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Books in Review

Financing Big Business

(December 1942)

From New International, Vol. VIII No. 11, December 1942, p. 348.
Transcribed & marked up by Einde O’Callaghan.

Financing The War, A Symposium
The Tax Institute, Philadelphia. 336 pages and Index

This book is a symposium on a subject of interest to everyone in the country. The mass of workers have become tax conscious – most of them will be paying an income tax (or the five per cent victory tax) for the first time next year (and expect to have additional tax obligations thrust upon them, perhaps as “forced loans”). They know that this is equivalent to a wage cut, or what is the same thing, a rise in the cost of living as effective as that which would follow an inflationary rise in prices.

In fact, that, and not the raising of revenue, is the main reason for including the lower-income brackets, that is, the workers, in the new income tax law. The same aim – the reduction of the purchasing power of the masses in face of a declining output of consumer goods and an increasing production of war materials – lies behind the drive among the workers to obtain their purchase of war bonds.

Through taxation and borrowing, as we are told in the first chapter in the volume under review, the state has taken over the distribution of national income and the allocation of national output. More exactly, these techniques of war finance are the “pecuniary counterpart” of the war economy supplementing and complementing such methods as priorities, allocation, price and wage controls and rationing.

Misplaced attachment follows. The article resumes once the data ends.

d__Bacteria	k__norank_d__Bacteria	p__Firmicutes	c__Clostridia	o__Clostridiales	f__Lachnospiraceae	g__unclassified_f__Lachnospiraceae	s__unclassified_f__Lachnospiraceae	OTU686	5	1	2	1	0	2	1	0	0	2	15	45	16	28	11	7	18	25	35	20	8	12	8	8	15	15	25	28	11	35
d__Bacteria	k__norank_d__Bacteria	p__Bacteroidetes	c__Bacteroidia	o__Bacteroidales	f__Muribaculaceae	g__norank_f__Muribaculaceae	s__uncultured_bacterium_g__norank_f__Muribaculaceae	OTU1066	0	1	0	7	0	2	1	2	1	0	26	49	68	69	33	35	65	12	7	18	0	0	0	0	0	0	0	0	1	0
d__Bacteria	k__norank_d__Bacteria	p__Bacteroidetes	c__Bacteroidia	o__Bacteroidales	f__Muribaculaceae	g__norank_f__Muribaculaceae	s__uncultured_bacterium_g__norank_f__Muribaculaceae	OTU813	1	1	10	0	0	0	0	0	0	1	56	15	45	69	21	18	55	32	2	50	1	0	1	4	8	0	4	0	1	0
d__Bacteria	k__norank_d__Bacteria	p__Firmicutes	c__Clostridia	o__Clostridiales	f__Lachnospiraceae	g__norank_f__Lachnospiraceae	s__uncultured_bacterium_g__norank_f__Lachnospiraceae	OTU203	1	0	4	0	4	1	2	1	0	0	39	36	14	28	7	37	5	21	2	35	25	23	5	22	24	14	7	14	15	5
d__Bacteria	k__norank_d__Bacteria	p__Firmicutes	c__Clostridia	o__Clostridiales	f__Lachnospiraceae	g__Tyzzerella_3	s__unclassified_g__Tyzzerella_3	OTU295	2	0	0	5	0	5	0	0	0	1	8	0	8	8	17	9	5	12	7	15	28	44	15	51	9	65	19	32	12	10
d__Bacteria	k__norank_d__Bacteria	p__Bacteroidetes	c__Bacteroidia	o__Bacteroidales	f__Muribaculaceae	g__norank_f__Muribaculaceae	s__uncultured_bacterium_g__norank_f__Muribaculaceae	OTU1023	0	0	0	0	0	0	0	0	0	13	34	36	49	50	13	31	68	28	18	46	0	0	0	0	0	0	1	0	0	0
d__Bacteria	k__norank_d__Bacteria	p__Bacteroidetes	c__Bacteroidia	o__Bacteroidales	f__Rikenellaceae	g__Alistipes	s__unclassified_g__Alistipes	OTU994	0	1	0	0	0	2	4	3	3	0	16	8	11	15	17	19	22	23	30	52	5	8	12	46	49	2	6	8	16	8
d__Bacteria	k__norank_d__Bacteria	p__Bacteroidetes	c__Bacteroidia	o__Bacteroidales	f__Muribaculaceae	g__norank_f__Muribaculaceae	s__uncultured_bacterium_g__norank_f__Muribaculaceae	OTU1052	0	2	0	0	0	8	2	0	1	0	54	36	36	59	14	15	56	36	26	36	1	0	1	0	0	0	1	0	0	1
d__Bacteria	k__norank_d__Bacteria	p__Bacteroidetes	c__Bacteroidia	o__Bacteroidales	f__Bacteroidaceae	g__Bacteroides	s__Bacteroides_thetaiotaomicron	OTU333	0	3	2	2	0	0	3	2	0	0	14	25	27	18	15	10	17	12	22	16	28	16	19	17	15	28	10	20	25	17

What are the objectives of war financing policy? The chief objective is the diversion of the resources of the country for the production of war materials. To this is added the objective of so distributing national income “as to cause a minimum of impairment of the existing pattern of the social structure – the so-called national culture or ‘way of life’ – the preservation of which is the presumable objective of the military effort.” And here is the key to any discussion of war finance.

Preserving the Bourgeois Profit System

The existing pattern of the social structure, that is to say, capitalism, the private monopolistic ownership of the productive resources by big business and the gross inequality of income, must be preserved whatever the emergency measures undertaken. If the old “price system” is replaced by state control of the economy, the old property relations and the old increasing inequalities must be maintained by the state through war finance.

The contributions to Financing the War are therefore discussions of the various methods of best achieving these ends. From this viewpoint they are by and large interesting and informative. The most valuable chapter is the one on the Influence of Excess Profits Taxation on Business Policy, contributed by Frank E. Seidman, a certified public accountant. While the recent tax bill has resulted in increased excess profits tax rates, the basic features of the act are the same as those considered by Mr. Seidman.